(Coincidentally, Siegelmann, whose work is described in your linked article, is now a professor where I did my Ph.D., but she got there a few years after I left, so we’ve never met.)

    UMass? I’ve been following her work for a while. I think she’d be a seriously cool person to meet.

  15. @Gulliver

    It’s funny when I’m in a conversation with someone and I suddenly realize that they know a lot more about what we’re talking about than I do. I’ve just reached that point. :-)

    For what it’s worth, my less-informed take on Penrose is the same as yours. What I wrote about modeling and such is based on general background reading and some specialized experience with computational cognitive architectures like Soar and ACT-R. They’re very abstract, but I think they’ve given us some good insights into the nature of cognition, even at the symbolic level.

    Yes, I was at UMass from 1991 to 1996. I started out as an AI person but soon gravitated toward cognitive modeling and HCI. I should go back some time; the department has changed a lot.

  16. Excited about this book – will try to pick it up soon.

    As a former technical writer, now e-learning instructional designer, I can tell you that “training via storytelling” is all the rage now, and the reason is because it works.

    I’m a long-time geek, but I have quite a few friends who are digitally challenged, and I wonder what Mr. St. Amant would think of the analogy I’ve come up with:

    A computer (laptop or desktop) is kind of like a stove. Just because you buy a stove doesn’t mean you dinner is ready. You also need pots and pans (i.e., software) and groceries (i.e., raw data and information). And maybe the operating system could be the energy – gas or electricity? All these elements go into cooking a meal.

    I know it can’t be stretched too far, but I think it might help someone get a feel for why you can’t “just plug it in and do something.”

    What do you all think?

  17. @ Rob St. Amant

    My own undergrad was in applied physics (really more of an engineering degree than a proper physics degree) and I’m fast-tracking a Masters/PhD in Quantum Physics/Quantum Computation. Just submitted my graduate thesis for initial review, so it’ll be a few years until I’m a postdoc. And I hold no computer science degrees. I sort of fell into the IT industry after college for financial reasons, but my knowledge is limited to the applications we developed. And I was CTO and CFO, but our lead developers (both PhDs) knew way more about the technology than I did. I’m sure you know considerably more than I about AI and human-computer interaction…and many of my end-user customers would surely agree on the latter :)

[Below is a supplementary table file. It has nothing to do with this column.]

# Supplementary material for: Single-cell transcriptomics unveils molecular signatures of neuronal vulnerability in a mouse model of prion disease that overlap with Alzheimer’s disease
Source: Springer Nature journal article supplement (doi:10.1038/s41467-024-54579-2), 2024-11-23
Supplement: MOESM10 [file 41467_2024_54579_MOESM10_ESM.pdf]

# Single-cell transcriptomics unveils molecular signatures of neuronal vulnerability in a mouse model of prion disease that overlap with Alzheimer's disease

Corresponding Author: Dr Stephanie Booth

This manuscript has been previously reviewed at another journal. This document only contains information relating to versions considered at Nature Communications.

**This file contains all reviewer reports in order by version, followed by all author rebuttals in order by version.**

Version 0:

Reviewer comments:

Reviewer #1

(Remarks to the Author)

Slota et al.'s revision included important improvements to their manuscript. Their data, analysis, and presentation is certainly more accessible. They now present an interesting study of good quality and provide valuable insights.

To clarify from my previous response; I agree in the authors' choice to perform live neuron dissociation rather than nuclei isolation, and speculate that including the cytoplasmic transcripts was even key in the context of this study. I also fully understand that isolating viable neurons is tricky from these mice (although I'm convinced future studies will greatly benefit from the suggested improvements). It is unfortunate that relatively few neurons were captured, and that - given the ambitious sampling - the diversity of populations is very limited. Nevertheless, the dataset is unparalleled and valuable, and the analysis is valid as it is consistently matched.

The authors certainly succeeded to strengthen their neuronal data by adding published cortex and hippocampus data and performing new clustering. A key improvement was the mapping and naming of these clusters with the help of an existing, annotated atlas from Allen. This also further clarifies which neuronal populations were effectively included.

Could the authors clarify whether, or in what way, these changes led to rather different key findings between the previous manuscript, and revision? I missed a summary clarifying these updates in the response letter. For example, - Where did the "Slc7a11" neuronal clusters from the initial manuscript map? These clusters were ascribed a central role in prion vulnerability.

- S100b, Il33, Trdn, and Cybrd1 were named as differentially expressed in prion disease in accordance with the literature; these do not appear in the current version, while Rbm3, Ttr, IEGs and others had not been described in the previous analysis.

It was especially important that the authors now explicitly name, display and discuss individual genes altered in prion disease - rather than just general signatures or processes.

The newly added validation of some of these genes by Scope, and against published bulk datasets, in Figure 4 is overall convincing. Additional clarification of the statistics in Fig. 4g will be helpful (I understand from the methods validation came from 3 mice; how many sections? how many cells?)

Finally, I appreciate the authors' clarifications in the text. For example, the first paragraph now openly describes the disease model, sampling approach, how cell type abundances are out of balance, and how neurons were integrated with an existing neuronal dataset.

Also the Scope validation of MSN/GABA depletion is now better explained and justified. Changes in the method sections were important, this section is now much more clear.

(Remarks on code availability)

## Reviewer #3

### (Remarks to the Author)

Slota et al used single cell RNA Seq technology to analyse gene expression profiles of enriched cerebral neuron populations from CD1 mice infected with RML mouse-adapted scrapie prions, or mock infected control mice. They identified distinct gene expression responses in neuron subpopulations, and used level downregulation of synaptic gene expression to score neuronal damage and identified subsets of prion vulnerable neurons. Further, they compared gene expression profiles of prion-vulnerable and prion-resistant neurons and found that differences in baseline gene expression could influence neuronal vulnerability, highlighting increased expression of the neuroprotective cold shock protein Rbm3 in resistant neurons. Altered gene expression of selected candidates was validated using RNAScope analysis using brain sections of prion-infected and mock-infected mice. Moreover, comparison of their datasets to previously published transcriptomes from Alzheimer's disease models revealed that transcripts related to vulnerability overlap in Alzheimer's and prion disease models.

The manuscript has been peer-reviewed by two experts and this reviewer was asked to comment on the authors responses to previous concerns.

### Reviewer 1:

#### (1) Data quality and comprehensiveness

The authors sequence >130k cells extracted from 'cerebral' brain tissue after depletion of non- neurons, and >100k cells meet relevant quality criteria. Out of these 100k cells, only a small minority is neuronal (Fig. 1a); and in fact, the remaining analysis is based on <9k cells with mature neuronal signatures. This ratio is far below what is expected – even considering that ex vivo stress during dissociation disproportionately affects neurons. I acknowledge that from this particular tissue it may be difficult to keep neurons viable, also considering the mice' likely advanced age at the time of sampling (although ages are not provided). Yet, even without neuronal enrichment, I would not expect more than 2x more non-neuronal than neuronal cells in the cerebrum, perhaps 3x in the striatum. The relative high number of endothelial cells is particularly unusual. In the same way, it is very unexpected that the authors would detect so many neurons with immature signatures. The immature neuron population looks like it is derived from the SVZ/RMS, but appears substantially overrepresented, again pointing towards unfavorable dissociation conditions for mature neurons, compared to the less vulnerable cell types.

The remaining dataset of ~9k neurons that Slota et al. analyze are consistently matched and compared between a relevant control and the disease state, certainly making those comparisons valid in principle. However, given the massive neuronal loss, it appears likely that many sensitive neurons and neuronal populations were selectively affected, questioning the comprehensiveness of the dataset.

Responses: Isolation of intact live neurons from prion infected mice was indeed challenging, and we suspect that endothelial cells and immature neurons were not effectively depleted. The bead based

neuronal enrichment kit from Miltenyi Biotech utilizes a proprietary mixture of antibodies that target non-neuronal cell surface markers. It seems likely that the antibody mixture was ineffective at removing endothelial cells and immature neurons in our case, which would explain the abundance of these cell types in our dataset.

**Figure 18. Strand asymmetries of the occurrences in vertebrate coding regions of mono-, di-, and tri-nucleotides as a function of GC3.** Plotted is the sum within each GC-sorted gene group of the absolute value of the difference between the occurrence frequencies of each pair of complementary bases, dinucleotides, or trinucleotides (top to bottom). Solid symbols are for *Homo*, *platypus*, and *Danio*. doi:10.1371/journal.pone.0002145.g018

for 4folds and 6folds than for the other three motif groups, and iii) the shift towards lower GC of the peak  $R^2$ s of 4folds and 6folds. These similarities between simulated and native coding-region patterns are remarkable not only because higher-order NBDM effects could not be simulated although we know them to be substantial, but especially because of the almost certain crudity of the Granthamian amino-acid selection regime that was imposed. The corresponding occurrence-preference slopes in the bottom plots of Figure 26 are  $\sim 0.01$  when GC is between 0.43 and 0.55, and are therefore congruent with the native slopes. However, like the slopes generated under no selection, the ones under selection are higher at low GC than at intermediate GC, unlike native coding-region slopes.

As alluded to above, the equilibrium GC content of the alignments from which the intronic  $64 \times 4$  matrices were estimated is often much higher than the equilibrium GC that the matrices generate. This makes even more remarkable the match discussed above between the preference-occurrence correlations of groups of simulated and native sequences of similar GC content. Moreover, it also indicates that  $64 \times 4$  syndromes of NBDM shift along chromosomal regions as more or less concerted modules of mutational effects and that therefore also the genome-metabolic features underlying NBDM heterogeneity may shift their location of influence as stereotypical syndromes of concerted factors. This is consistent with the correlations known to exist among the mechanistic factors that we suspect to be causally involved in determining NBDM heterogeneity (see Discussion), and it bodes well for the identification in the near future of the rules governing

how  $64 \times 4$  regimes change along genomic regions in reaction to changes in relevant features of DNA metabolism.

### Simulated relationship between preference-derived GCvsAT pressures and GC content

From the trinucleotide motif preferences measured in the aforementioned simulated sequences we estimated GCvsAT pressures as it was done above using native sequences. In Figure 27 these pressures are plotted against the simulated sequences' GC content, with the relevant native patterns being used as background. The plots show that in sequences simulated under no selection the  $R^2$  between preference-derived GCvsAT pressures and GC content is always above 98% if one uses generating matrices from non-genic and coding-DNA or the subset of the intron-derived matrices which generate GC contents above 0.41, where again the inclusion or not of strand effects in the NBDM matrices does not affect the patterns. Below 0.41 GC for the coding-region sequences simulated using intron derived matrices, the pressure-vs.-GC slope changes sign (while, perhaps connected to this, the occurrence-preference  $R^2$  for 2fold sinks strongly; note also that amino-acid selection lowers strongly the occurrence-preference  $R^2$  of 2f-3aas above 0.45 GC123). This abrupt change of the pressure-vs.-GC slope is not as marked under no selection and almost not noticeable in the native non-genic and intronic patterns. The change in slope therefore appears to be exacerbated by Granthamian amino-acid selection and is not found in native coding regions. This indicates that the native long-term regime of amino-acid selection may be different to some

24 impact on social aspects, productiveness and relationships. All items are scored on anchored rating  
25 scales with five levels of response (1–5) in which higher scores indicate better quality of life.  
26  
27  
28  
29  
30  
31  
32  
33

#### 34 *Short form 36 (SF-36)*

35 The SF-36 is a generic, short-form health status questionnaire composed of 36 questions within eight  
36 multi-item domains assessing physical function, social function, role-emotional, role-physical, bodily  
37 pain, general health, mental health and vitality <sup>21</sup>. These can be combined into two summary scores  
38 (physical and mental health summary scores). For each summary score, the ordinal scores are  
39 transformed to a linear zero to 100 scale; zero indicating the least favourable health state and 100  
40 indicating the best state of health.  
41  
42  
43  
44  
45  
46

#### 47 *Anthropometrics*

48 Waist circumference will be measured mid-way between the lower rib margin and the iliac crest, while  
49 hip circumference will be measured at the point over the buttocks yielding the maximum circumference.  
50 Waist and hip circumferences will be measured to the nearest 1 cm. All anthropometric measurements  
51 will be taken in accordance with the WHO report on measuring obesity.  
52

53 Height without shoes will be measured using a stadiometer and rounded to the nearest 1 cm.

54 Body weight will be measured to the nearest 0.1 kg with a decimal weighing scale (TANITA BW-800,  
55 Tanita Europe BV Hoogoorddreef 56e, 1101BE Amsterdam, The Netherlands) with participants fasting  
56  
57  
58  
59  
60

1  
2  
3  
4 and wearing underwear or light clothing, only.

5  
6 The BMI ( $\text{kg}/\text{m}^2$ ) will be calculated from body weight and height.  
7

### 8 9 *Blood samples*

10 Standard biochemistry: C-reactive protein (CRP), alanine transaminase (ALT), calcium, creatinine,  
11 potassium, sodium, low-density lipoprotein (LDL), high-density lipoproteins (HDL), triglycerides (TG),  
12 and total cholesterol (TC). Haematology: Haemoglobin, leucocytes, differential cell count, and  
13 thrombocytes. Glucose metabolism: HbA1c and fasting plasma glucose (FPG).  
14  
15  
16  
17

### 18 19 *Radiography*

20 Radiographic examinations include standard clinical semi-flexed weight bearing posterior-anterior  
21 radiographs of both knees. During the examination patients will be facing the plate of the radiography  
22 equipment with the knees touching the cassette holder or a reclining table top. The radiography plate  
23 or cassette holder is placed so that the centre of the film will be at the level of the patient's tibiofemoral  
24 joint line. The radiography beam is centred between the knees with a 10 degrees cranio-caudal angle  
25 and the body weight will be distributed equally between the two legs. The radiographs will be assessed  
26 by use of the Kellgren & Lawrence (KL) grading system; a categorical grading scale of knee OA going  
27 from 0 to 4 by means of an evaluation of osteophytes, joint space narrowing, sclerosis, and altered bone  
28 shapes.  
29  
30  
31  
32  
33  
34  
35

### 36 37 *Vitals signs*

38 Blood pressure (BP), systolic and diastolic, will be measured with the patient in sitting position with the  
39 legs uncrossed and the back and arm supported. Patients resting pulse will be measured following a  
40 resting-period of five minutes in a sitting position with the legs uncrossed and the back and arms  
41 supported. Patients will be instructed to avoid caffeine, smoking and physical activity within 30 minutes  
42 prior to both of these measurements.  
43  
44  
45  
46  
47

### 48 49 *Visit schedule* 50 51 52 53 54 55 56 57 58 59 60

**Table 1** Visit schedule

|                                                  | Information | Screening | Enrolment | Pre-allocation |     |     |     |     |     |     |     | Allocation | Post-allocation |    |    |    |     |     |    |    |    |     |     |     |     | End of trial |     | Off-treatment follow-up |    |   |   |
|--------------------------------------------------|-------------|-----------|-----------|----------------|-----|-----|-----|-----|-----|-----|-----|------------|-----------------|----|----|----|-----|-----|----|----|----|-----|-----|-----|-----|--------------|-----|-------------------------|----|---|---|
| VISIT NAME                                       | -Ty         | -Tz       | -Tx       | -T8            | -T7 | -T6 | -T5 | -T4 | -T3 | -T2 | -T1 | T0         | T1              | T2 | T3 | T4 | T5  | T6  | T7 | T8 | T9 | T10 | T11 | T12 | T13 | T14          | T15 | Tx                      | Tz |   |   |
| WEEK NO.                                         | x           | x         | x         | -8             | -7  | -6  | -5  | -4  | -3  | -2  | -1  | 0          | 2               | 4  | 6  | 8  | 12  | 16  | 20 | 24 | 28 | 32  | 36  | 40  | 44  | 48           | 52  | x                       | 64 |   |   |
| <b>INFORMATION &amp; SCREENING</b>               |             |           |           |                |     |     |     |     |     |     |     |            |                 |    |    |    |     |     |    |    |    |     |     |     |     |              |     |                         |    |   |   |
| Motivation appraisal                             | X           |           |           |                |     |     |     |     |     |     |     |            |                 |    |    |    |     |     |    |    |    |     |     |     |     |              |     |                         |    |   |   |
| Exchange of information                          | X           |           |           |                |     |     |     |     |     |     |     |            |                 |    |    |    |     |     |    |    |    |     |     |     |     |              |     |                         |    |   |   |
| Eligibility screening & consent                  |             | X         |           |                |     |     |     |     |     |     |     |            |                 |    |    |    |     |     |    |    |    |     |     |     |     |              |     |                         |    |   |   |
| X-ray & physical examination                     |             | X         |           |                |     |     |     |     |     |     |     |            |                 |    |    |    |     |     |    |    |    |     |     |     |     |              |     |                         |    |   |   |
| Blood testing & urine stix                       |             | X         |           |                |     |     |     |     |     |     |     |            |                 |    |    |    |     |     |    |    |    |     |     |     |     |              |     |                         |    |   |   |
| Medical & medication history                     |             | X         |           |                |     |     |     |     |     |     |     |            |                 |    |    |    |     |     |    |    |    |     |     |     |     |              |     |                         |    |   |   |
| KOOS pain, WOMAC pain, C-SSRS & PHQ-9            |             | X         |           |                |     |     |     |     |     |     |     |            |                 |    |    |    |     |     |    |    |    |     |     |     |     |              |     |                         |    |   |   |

I really like academia. Being good at business does not necessarily equate to enjoying it, particularly in the world of the Beltway Bandits.

    One thing I’ve learned is that mortal minds such as my own can only be an expert in one or two very narrow areas. My interest in cognitive and AI research is decidedly at the amateur level. My real passion is in modelling nonlinear physical systems; QC just happens to be the field that’s going to revolutionize experimental physics over the next century. I originally wanted to study quantum gravity, but that’s gotten too abstract for my tastes and I rather suspect will remain so until we can either string out deep-space particle accelerators megaklicks long or figure out a way to build a really accurate universal quantum simulator – hence my interest in QC. And while governments aren’t exactly lining up to build deep-space accelerators, everyone wants their quantum cryptography yesterday.

  18. @ old aggie

    I know it can’t be stretched too far, but I think it might help someone get a feel for why you can’t “just plug it in and do something.”

    Interestingly, seamless ubiquitous computing is widely considered the holy grail among user interface designers…and almost as elusive (though the late Steve Jobs took a fine whack at it and arguably advanced the state of the art on a practical industrial design level more than anyone else since Douglas Engelbart)